Tuesday, July 18, 2006

Peters article in The Sun


this was printed on thursday the 6th July. Thanks to Jan for typing it up for me. I will get the article scanned in a uploaded somewhere soon hopefully.





What began as a bad cold has left young father of 3 Peter Williams fighting for his life on an artificial heart machine. Today he will have been on the machine for a year but time is running out because doctors don't know how long the artificial heart can keep him alive. A transplant is his only hope. Peter's problems began in 2002 with a common cold which he couldn't shake off. His wife, Sarah recalls. "It was like a really heavy cold, but it just went on and on." Eventually it became so hard for Peter to breathe that he went to A&E. There, x-rays revealed the virus had damaged his heart muscles, a condition known as cardiomyopathy. Every year around 5000 people develop the condition but what causes it is often a mystery. In rare cases, one of the common cold viruses, named Coxsackie’s, is known to spark an attack. BHF cardiac nurse Judy O’Sullivan says “cardiomyopathy is rare and it’s even rarer to get it from a virus. For very few people the virus may affect their heart, but even fewer suffer permanent damage”. Peter’s doctors prescribed the blood-thinning drug warfarin to take the pressure off his weakened heart and he was able to go home. But 27-yr-old Peter was then struck down by a series of infections which worsened the damage to his heart and he has been in and out of Harefield Hospital ever since. There have been spells of relative good health which have allowed him to leave hospital to see daughters Nicole, 6, Lauren, 3 and 16-motnh-old Serena. But three times he has also suffered the disappointment of being told a donor heart was available – only for doctors to find it was not suitable for transplantation. Peter’s condition continued to deteriorate and as the left side of his heart got worse, the healthy right side had to work harder and harder. As a result it would sometimes beat dangerously fast. To stop this, doctors implanted a cardiac defibrillator in March 05 to shock the heart back into rhythm. The implant bought some more time, but by last July it was going off so frequently that doctors had to put him on an LVAD – a left ventricular assist device – to take over the work of that side of Peter’s heart.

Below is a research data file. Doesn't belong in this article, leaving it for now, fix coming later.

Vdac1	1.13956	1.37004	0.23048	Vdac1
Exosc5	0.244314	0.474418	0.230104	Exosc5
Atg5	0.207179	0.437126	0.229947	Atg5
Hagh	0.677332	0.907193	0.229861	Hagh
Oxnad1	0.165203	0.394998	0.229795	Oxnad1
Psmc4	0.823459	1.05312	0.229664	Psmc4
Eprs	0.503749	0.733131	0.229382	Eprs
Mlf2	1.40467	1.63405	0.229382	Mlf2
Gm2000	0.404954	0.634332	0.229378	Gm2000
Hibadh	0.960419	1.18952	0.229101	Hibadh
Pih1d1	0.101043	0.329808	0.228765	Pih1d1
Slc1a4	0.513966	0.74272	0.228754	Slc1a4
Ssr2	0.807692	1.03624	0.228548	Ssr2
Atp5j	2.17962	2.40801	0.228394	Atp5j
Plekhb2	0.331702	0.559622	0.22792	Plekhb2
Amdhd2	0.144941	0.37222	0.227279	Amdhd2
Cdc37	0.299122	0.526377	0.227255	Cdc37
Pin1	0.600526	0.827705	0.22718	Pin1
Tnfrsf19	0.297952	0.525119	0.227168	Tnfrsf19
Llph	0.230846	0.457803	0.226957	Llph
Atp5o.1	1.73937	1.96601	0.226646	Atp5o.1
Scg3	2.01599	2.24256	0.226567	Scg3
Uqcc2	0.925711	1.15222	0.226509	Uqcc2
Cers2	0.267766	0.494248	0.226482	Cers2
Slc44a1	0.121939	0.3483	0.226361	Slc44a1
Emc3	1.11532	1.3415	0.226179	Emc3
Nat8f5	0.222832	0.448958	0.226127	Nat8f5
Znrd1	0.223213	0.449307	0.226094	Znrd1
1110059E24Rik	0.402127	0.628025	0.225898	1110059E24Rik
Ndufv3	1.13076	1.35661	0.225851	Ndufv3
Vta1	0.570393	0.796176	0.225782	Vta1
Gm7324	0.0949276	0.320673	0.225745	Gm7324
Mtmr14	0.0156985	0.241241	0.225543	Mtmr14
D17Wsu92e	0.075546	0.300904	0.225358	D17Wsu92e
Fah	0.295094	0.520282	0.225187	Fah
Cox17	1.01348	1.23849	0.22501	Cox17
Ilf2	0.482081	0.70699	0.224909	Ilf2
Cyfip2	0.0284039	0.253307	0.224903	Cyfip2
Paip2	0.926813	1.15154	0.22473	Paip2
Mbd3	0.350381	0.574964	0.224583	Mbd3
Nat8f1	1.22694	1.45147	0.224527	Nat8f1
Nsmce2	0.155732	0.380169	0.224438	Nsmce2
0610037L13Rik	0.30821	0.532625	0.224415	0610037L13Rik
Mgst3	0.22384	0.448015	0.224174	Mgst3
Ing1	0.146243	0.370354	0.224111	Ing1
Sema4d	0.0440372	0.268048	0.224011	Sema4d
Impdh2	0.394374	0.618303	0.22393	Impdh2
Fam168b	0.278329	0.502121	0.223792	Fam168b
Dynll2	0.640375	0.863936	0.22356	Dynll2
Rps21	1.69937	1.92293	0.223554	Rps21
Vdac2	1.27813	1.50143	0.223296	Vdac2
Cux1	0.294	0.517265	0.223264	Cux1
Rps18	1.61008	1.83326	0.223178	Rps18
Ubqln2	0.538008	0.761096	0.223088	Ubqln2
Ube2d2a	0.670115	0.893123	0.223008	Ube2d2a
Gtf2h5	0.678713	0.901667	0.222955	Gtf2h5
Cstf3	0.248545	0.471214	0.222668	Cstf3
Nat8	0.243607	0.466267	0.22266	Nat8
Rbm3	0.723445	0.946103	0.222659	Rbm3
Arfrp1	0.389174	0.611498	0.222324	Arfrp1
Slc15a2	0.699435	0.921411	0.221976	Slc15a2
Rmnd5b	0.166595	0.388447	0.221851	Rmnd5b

In most cases, this involves implanting a small pump into the patient’s chest. But Peter was so seriously ill he need a larger version which he carries with him at all times on a small trolley. It means Peter, of Welwyn Garden City, is no longer confined to hospital and can spend some weekends at home with his family. Misdee says "They told us Peter can be treated like this for maybe a year, but there is a risk of blood clots, strokes and heart attacks." Doctors have already had to replace parts of the device, and what Peter desperately needs is a new heart. Misdee, 26, says "It’s very hard. Each night you pray ‘Please let there be a heart’. Then you think, ‘My God, I want someone to die’. I don’t really, but I don’t want Peter to die either. His little girls need their dad."

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